The City and the Passing Minute
Nicolás Delgado Álcega (MArch II ‘20)
The city is, by nature, in time. It is an interminable, cyclical process that is constantly mediating between what was, what is, and what might be. And yet, the city only exists now. There is no city of the past; no city of the future. These are just delusions of the mind.
Like ourselves, everything in the city lives and dies. However, something has come into being, it generally exists only as long as it has a ‘use value’. It's only further claim to survival is its capacity to be a repository for some sort of meaning, and thus enjoy some sort of ‘exchange value’. For this to happen, it has to speak a language that, here and now, we can understand. It has to communicate value to us. If it doesn’t; if it has nothing to say, or we simply cannot understand it any longer, it turns back to clay and makes way for something else. This allegedly rational process is quite idiosyncratic, but it is ultimately what gives cities richness and a human quality.
The city has no end goal, regardless of how much we may want to impress this quality upon it. This would imply the need for permanence, and in the city, there is no such thing. Material, form and meaning are constantly evolving, and the city, at every corner, reminds us of this. The city is about multiplicity; about the coming together of a complex web of forces, actors and experiences. It categorically rejects any one vision or idea. It denies domination by a single actor or time. In the city, only contributions are acceptable, and it is a prerequisite that they are willing and able to enter into the lyrical play and struggle of coexistence.
As such, we can attempt to understand the city and its formal qualities as a pure manifestation of the exercise of mediation and negotiation amongst parties. It is an essay about how and who we agree to share space with, be it an ancient man, a force of nature or another creature. When we look at a city, we simultaneously look at the whole of time as well as at the specific way in which we cope with it here and now.
To understand this means being able to find a space for ourselves in the city where, by reducing friction and accepting the flow of the current, meaningful action is possible. As finite actors with a limited agency, we can only get a glimpse of the city; and yet if we accept our perspective, this can be an immense, rich field. Only by operating intensely within a small, constrained scope, can we establish true, meaningful contact with the immense complexity and unknowability that characterizes the city.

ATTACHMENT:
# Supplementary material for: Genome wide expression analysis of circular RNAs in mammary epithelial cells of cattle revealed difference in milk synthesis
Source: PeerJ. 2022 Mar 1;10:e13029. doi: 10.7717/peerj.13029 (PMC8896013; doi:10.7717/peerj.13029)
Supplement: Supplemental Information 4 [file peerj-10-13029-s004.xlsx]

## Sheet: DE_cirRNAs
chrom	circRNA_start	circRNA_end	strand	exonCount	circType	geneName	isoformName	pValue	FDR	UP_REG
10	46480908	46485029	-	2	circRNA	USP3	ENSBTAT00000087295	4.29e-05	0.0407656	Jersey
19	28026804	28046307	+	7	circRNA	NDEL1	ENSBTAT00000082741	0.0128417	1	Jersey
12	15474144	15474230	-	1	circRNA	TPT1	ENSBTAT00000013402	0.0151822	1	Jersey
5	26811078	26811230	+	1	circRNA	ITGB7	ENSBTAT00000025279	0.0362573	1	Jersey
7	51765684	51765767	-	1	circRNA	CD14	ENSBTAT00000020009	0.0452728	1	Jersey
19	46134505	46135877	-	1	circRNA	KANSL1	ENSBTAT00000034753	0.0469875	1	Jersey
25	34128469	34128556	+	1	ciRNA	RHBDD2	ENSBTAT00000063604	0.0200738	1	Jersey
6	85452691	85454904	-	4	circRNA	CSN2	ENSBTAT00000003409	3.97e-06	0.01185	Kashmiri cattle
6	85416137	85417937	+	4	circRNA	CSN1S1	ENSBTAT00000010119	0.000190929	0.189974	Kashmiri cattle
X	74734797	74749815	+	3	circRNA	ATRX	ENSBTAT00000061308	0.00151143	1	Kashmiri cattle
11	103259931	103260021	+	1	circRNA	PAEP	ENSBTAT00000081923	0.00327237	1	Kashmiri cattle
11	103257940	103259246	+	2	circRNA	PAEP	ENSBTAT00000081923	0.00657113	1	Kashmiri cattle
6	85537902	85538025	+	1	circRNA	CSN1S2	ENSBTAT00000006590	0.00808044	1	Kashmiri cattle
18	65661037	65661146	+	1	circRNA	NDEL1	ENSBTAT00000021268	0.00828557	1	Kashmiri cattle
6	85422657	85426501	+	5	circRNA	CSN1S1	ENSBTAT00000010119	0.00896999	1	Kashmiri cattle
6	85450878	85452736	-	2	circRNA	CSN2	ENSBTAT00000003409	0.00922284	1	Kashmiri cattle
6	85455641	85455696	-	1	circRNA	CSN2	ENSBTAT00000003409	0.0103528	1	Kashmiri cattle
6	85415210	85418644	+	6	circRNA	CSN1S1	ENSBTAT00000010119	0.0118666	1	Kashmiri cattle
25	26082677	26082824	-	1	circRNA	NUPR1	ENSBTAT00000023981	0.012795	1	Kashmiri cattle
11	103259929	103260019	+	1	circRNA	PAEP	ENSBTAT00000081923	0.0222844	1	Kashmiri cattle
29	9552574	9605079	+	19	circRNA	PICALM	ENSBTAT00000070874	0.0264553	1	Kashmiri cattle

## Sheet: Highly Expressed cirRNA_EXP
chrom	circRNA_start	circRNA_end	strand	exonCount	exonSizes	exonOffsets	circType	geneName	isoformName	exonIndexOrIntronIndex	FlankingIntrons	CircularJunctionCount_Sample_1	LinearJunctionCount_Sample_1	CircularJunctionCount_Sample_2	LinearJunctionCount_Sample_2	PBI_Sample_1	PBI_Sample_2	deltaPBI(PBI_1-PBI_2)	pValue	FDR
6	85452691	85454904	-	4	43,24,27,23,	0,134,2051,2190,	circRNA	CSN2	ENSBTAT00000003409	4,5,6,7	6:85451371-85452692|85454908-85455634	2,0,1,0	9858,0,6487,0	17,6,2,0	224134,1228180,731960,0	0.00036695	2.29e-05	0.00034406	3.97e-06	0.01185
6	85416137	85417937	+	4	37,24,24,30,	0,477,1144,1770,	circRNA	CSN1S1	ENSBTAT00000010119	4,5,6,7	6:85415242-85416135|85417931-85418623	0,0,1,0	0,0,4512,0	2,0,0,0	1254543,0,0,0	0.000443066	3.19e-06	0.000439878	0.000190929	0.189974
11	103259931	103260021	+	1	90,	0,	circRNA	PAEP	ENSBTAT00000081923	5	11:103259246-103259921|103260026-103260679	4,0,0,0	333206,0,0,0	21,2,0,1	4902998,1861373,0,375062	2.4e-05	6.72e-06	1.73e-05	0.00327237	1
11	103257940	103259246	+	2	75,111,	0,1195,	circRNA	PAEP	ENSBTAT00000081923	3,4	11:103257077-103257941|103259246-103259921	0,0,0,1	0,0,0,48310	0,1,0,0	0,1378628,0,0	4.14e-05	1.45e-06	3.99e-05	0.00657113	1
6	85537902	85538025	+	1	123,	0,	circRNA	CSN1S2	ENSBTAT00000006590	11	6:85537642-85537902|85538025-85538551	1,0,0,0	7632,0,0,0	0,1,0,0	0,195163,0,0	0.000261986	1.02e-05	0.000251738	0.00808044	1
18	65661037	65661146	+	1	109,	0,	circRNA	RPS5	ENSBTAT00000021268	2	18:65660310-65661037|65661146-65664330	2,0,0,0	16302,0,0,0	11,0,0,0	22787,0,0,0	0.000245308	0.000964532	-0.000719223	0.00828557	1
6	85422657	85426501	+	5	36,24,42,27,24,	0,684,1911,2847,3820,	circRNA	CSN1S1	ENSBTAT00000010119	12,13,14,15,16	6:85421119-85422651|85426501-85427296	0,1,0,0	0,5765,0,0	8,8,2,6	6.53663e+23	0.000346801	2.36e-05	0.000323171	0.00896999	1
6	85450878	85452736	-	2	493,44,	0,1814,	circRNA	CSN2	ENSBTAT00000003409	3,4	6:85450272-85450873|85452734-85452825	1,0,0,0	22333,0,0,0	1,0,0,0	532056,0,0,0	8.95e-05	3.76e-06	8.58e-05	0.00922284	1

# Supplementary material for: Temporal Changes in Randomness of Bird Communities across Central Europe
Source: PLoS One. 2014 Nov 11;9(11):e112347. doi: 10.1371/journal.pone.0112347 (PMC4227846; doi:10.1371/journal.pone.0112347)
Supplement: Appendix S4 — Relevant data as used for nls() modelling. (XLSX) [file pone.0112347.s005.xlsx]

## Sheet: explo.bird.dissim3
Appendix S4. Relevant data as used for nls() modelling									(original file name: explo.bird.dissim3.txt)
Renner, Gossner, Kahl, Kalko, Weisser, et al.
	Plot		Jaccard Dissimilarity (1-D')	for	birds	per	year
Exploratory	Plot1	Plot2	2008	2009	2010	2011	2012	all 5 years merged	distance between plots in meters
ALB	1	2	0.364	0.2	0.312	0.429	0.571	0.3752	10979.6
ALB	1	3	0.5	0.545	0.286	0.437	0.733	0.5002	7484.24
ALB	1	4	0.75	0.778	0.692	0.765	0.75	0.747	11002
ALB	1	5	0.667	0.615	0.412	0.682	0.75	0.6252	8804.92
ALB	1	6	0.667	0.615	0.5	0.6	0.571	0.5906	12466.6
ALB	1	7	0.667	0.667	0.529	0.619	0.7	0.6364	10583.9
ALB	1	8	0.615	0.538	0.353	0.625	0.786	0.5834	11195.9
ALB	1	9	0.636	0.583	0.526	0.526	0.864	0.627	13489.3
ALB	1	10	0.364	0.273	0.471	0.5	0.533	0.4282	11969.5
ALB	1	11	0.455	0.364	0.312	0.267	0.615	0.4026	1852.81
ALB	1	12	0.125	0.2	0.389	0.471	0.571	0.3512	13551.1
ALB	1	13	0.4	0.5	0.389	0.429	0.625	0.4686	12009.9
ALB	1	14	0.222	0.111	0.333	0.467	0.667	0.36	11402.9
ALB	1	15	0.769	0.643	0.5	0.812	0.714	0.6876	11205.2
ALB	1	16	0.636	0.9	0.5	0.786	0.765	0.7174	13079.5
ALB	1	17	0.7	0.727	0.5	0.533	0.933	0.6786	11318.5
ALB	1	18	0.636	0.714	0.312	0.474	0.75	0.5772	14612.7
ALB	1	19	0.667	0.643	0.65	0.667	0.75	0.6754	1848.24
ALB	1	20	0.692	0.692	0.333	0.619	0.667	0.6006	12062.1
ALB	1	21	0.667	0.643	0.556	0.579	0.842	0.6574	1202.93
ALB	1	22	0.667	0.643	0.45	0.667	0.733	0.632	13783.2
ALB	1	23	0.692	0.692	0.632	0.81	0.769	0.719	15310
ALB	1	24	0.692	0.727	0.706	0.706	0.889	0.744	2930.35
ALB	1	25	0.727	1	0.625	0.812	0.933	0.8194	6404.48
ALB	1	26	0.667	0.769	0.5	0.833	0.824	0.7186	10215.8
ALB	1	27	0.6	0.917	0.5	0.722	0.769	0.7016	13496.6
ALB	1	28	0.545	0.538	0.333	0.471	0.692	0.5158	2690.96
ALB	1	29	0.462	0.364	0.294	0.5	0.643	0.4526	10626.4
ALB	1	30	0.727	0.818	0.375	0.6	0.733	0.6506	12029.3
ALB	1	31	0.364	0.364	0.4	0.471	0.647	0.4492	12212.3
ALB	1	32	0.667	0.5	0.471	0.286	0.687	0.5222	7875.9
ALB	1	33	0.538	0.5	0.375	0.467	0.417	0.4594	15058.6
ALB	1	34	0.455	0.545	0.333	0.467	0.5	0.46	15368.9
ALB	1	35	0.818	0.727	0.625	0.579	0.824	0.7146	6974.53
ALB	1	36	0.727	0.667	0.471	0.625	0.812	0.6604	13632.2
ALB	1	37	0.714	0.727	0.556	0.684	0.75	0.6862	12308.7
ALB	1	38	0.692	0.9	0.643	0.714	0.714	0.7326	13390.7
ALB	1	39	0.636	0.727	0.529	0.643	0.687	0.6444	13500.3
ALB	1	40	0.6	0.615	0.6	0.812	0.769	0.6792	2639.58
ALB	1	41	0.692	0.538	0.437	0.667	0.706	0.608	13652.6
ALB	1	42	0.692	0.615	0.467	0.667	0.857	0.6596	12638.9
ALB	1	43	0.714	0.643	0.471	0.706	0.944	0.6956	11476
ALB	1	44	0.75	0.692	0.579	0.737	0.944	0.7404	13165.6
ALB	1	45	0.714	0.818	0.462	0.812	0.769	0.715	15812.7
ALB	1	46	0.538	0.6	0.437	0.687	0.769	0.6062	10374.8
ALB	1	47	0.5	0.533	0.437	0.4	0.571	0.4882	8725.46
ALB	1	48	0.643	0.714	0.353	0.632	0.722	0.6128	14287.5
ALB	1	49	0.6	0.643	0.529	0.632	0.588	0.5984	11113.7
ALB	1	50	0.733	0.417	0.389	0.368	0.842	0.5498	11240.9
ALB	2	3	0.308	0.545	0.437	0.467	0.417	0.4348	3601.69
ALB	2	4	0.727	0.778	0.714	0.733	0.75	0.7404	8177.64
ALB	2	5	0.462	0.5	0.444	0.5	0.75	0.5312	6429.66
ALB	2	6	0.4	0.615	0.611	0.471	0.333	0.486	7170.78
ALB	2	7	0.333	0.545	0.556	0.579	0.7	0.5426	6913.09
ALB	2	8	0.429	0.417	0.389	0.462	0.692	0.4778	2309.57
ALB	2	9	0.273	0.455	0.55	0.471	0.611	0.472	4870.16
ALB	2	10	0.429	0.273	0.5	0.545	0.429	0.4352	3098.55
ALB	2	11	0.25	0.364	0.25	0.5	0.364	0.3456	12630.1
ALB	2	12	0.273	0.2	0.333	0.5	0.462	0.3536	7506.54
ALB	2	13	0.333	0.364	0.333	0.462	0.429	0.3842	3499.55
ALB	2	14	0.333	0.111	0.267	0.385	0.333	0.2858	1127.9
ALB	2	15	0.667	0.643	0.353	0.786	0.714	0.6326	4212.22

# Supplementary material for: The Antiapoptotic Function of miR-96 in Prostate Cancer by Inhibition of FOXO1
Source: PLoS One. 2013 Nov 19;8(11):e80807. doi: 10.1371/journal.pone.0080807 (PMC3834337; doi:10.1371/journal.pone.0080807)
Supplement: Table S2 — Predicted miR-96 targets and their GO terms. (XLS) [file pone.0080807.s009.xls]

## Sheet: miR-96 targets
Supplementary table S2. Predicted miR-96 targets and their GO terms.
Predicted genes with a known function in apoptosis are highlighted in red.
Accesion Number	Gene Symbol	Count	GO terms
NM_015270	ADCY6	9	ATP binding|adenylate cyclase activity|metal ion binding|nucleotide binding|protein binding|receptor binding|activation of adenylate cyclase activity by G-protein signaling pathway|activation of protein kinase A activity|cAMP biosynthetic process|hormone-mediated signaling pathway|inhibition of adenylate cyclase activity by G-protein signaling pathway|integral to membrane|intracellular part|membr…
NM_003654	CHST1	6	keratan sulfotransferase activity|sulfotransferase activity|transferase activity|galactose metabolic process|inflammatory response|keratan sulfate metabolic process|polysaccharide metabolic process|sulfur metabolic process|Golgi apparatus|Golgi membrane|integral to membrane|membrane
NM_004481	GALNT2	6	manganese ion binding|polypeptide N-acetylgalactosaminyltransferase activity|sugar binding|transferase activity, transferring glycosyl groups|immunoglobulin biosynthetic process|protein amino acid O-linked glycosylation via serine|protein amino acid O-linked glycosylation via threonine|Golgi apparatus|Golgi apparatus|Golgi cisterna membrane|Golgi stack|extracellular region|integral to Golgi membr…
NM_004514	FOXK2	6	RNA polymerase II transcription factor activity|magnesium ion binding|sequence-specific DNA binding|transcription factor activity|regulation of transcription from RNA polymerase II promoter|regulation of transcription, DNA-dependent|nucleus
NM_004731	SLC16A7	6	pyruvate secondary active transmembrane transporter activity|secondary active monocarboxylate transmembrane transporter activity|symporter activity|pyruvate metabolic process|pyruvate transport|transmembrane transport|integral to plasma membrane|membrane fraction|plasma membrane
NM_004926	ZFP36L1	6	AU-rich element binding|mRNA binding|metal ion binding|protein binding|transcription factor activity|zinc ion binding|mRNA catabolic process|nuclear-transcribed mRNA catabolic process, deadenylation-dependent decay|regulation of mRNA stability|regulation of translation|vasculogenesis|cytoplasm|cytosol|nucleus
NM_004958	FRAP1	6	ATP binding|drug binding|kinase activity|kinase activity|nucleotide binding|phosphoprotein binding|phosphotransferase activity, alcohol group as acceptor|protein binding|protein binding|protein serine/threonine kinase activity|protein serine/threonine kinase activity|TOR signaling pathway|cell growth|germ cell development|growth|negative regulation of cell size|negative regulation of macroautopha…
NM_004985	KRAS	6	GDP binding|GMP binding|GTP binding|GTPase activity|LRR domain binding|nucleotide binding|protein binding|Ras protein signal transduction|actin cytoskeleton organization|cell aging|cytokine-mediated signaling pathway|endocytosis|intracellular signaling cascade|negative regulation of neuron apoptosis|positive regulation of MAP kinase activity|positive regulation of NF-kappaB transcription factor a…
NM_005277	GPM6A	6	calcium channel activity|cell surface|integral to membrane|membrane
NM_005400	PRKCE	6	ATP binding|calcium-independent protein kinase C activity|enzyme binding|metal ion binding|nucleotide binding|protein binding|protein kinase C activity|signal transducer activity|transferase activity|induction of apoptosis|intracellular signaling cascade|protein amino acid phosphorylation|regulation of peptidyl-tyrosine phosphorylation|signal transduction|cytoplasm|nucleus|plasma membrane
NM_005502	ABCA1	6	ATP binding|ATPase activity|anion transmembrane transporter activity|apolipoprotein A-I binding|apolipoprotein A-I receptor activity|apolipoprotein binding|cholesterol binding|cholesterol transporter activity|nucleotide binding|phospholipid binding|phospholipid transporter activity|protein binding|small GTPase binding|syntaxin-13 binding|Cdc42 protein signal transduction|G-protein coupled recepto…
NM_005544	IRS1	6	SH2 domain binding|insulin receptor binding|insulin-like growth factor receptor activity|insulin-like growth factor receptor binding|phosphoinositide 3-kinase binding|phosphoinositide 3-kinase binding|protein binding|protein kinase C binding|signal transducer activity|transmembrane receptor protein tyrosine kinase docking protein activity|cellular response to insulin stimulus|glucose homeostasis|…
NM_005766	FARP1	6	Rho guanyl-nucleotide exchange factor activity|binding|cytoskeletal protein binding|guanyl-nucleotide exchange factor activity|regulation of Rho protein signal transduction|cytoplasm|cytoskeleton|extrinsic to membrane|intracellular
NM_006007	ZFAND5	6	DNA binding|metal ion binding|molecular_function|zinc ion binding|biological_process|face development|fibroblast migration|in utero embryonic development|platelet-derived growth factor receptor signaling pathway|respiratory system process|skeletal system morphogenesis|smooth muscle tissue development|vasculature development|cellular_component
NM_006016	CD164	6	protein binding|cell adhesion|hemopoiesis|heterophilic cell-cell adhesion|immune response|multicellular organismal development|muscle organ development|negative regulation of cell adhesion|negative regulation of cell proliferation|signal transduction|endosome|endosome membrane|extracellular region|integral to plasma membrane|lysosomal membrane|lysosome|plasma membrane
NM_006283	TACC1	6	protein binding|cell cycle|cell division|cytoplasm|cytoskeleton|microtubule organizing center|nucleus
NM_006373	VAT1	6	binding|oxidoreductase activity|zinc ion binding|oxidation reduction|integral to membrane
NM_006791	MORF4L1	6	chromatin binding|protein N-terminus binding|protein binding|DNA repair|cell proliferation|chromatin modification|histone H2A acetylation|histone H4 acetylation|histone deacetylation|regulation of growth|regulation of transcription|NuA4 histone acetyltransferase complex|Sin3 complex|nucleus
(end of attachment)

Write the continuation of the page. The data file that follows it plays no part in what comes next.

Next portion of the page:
In his Meditations, Marcus Aurelius (AD 121-180) writes:
“Were you to live three thousand years, or even thirty thousand, remember that the sole life which a man can lose is that which he is living at the moment; and furthermore that he can have no other life except the one he loses. (...) [The] passing minute is every man’s equal possession, but what has once gone by is not ours. Our loss, therefore, is limited to that one fleeting instant, since no one can lose what is already past, nor yet what is still to come – for how can he be deprived of what he does not possess?”
Our minds are such that they constantly convince themselves that they can perpetuate the past or impose the future. They misguide us into believing that the present, constantly flying by us, can or will conform to this misconstruction. They let us down when time is running out and things, fundamentally, seem pretty much unchanged.
To practice meaningfully means accepting our individual point of view and coming to terms with our hyper-specific time-place circumstance; it means understanding the smallness of the space which we truly own as the only point of access we have into the awesome complexity of the city and the immensity of time.
Aurelius, Marcus. Meditations. Translated by Maxwell Staniforth. London: Penguin Books, 2004.
Colquhoun, Alan. “Typology and Design Method.” Perspecta, Vol. 12 (1969): 71-74.